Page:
". . . an unhealthy way to cope with emotional pain, intense anger, and frustration."
This is what self-harm is, a coping skill. Is it a good coping skill? No, but it is a coping skill. Most people self-harm, not to commit suicide, but to stop themselves from committing suicide. It sounds crazy, I know, I've lived with it in my home and it wasn't pretty. One of the issues with self-harm, or cutting in my son's case, is that in this act of not trying to commit suicide the self-harmer can become so overwhelmed with intense feelings they may not realize how severe they are self injuring and accidently kill themselves.
The self-harm releases endorphins into the system, creating a type of "high." This release of endorphins makes the self-harmer feel better for that moment and helps to reduce their intense emotional overload. The problem is, apart from the obvious, the "high" can be addictive. The self-harm then becomes a vicious addictive circle of emotional suffering, emotional overload, panic, self-harm, and temporary relief.
As a parent you want to protect your child from all the bad things that might come into their life, but how do you protect them from themselves?
Teaching the self-harmer helpful coping skills is the only way to help them. They must have a way to release their intense feelings of pain, but in a healthy, productive way. There are many websites out there dedicated to self-harming and they all have good information. After much research, the following are some of the best sites I have found:
There are also many facilities that treat self-injurious behavior, but they usually aren't covered under insurance and they are very expensive. Do they work? Yes, while the person is there, but, like with any addiction, unless the self-harmer truly wants to stop and use healthy coping skills nobody can force them to stop. Love and validation of their feelings are the best way to help a self-harmer. They need to know they aren't being judged and that they are still loved, even though they are doing this "thing" that seems abhorrent.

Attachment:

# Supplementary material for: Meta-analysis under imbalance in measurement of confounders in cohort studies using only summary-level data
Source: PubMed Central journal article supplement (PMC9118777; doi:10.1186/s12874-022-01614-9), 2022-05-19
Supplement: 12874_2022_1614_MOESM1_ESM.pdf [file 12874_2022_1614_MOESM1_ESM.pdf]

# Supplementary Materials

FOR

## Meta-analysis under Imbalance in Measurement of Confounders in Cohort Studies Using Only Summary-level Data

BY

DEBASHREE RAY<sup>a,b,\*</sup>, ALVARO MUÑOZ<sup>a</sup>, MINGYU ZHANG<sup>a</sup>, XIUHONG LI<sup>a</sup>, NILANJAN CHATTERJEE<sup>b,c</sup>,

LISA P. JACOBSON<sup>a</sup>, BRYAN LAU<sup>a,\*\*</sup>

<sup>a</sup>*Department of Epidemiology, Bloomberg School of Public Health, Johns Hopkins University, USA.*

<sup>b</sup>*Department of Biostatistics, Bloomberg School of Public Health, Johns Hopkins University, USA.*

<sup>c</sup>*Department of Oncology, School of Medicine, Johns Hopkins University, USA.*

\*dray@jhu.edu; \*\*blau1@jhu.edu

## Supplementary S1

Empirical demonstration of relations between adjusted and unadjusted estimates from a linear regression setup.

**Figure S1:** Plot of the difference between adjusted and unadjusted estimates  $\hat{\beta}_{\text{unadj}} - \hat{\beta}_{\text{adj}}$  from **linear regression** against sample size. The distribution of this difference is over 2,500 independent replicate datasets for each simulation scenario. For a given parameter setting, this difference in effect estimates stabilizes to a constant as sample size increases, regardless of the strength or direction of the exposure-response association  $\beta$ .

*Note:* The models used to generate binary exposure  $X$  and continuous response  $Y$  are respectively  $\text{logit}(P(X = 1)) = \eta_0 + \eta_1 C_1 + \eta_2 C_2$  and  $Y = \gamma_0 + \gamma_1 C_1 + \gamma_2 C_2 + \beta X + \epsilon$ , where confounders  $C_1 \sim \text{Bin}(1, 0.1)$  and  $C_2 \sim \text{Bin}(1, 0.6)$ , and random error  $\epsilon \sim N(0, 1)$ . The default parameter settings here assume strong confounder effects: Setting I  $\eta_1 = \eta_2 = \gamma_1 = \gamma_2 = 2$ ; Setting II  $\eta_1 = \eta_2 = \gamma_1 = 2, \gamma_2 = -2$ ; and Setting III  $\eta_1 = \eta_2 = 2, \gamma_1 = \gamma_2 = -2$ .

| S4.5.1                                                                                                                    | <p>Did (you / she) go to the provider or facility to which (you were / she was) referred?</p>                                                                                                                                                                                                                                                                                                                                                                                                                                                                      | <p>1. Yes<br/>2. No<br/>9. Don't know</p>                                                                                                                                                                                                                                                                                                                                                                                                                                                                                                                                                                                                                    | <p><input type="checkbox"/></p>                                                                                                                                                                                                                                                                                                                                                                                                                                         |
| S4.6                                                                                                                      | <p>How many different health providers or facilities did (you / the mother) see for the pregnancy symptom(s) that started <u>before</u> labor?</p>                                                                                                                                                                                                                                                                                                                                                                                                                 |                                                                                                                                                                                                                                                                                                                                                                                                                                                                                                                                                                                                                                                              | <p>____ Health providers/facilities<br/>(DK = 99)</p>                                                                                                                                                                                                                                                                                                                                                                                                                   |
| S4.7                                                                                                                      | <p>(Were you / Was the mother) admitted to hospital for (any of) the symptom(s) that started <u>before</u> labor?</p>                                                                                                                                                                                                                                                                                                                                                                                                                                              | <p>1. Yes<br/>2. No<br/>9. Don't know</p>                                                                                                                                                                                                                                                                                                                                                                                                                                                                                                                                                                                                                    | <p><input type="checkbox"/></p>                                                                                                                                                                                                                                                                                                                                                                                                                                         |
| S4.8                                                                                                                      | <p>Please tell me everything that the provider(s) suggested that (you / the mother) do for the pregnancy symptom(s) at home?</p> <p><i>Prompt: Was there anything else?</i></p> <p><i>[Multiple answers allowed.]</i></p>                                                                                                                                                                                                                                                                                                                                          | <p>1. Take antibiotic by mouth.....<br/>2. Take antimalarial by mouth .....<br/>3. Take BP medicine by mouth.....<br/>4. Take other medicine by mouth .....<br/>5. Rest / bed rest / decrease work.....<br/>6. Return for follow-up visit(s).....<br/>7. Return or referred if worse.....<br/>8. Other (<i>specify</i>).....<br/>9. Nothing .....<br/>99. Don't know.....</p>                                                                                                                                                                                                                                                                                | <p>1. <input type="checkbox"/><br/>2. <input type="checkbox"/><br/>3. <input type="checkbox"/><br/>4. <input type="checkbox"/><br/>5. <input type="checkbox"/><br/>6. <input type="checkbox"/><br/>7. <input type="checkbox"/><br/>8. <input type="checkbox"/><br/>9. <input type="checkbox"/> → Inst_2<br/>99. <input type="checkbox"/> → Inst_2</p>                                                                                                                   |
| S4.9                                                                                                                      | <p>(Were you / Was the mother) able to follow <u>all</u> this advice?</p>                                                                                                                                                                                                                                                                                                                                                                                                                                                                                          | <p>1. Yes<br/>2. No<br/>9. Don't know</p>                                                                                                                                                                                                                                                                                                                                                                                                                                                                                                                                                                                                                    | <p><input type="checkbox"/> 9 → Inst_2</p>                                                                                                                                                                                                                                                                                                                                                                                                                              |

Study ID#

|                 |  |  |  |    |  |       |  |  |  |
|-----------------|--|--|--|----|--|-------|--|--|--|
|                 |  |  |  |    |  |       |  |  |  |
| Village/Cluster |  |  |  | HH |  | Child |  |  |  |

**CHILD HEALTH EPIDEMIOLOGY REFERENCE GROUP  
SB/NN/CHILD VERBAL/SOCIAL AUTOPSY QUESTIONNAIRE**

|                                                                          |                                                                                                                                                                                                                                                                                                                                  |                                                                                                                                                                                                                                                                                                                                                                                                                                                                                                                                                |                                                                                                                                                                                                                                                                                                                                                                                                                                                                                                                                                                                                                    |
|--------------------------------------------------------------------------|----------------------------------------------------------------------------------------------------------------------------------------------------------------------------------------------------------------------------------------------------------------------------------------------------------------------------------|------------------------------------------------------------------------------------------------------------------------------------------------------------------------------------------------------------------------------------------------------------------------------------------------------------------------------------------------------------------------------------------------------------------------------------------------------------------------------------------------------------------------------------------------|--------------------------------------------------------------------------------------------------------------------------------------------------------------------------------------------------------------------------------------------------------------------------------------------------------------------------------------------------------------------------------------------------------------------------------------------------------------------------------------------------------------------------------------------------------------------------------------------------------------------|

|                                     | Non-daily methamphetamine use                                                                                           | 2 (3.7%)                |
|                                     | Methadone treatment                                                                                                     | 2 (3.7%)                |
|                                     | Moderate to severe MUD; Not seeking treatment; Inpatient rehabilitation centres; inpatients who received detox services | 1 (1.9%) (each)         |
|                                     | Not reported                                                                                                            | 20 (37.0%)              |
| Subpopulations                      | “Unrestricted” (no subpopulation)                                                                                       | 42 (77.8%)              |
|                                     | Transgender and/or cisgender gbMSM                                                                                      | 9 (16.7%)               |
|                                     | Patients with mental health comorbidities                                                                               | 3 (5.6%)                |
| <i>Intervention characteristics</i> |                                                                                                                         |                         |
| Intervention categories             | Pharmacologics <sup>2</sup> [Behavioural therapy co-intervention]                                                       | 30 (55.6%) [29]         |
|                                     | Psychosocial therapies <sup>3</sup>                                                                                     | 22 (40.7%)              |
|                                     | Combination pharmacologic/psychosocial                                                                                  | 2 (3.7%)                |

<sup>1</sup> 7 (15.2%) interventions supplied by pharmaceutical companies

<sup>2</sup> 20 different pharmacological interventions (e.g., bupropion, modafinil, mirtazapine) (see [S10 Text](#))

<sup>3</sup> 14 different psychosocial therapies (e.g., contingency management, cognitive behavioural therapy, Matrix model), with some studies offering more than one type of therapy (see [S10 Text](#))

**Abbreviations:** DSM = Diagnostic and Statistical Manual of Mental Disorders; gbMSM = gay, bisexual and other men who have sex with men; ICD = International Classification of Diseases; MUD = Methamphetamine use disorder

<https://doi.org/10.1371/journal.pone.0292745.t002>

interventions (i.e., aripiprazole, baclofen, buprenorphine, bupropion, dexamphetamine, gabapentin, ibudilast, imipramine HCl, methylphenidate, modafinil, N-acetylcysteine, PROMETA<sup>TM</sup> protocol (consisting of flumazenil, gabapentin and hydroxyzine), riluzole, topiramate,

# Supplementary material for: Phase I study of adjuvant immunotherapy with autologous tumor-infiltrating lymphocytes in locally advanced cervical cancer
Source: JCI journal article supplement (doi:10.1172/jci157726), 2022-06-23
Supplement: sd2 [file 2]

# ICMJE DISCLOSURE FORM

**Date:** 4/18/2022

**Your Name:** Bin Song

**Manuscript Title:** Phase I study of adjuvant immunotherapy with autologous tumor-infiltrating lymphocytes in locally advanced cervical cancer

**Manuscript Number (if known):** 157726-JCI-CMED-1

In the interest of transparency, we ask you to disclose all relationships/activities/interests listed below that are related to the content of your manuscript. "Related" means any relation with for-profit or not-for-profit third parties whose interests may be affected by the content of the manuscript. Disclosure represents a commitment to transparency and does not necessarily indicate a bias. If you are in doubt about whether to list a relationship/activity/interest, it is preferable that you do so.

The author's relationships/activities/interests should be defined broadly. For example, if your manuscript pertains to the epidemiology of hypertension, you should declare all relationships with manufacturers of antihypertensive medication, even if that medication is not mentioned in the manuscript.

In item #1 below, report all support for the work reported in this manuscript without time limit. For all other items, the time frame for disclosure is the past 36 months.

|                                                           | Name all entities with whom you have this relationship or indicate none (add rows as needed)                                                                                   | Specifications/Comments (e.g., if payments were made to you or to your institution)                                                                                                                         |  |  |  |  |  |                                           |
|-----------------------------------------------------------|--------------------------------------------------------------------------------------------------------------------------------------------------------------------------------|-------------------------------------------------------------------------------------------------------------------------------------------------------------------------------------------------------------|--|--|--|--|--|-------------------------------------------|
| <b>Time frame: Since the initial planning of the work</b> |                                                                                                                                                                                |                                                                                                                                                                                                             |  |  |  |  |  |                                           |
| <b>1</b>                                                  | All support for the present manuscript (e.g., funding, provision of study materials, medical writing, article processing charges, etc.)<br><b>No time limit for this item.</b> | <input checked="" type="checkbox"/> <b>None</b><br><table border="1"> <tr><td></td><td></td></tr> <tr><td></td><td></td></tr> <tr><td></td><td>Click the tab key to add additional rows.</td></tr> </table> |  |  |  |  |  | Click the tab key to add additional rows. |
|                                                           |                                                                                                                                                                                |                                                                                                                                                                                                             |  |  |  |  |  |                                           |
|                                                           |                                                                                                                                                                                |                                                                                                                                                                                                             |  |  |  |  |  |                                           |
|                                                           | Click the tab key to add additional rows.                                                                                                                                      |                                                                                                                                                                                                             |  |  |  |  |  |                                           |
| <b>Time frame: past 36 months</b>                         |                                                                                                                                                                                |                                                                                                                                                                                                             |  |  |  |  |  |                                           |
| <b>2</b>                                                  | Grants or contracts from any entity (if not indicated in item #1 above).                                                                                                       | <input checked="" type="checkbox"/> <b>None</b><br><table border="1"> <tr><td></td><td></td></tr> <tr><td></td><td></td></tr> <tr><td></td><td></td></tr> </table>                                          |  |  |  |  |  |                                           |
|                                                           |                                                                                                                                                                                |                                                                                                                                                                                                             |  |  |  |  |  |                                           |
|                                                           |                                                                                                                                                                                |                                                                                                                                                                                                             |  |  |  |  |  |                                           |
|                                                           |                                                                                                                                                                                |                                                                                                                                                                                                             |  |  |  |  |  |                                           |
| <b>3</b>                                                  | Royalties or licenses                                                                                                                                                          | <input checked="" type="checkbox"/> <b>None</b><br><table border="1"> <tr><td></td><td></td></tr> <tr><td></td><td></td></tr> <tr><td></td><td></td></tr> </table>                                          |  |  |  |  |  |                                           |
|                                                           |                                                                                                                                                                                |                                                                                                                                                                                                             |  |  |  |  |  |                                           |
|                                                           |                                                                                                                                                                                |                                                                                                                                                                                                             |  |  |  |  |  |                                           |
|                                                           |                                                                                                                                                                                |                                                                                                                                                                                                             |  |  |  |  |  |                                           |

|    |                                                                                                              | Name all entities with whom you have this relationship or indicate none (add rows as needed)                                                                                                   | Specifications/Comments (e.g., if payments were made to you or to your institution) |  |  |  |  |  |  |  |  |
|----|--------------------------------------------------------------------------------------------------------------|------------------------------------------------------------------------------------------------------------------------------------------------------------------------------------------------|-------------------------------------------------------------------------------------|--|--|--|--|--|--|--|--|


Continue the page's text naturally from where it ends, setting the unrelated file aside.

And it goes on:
My son suffers from the addiction of self-harming. He has learned many healthy coping skills and he has spent many months in psychiatric facilities, but even now, after several years, he still falls into self-harming behavior when his depression and emotional pain overwhelm him. He knows it isn't the healthy thing to do and he tries many other coping skills, but he often goes back to this obsession because it is easy and, at that moment, it works. He struggles everyday with it and one day, I am hopeful, he will beat it.
After seventeen months in a residential treatment center my son, who was sixteen years old at the time, wrote this about self-harm.
"A single reason to continue on this path I have made for such a long time has left me completely. Now I find myself searching for what used to be, instead of what should be. Lost and confused, I stagger back and forth for a while, trying to find my balance.
The initial shock has kicked in and a life with this, this lack of what I depended on, is flashing before my eyes. At first glance I yearn for my satisfaction once again. I want to cradle my obsession, and love my obsession, but leaving impulse behind requires me to think forwardly and consequentially. The potential my life now holds is not fathomable. I am slowly beginning to realize what this has held me from becoming. That I am capable of achieving all my aspirations. That the monster that has festered for, it seems like an eternity, inside of me can be tamed. And being held back from the true self will only cause me to bask in the reality that is me. Relishing the every moment I succeed."
Don't judge the self-harmer in your life, instead help them tame the monster that festers inside of them.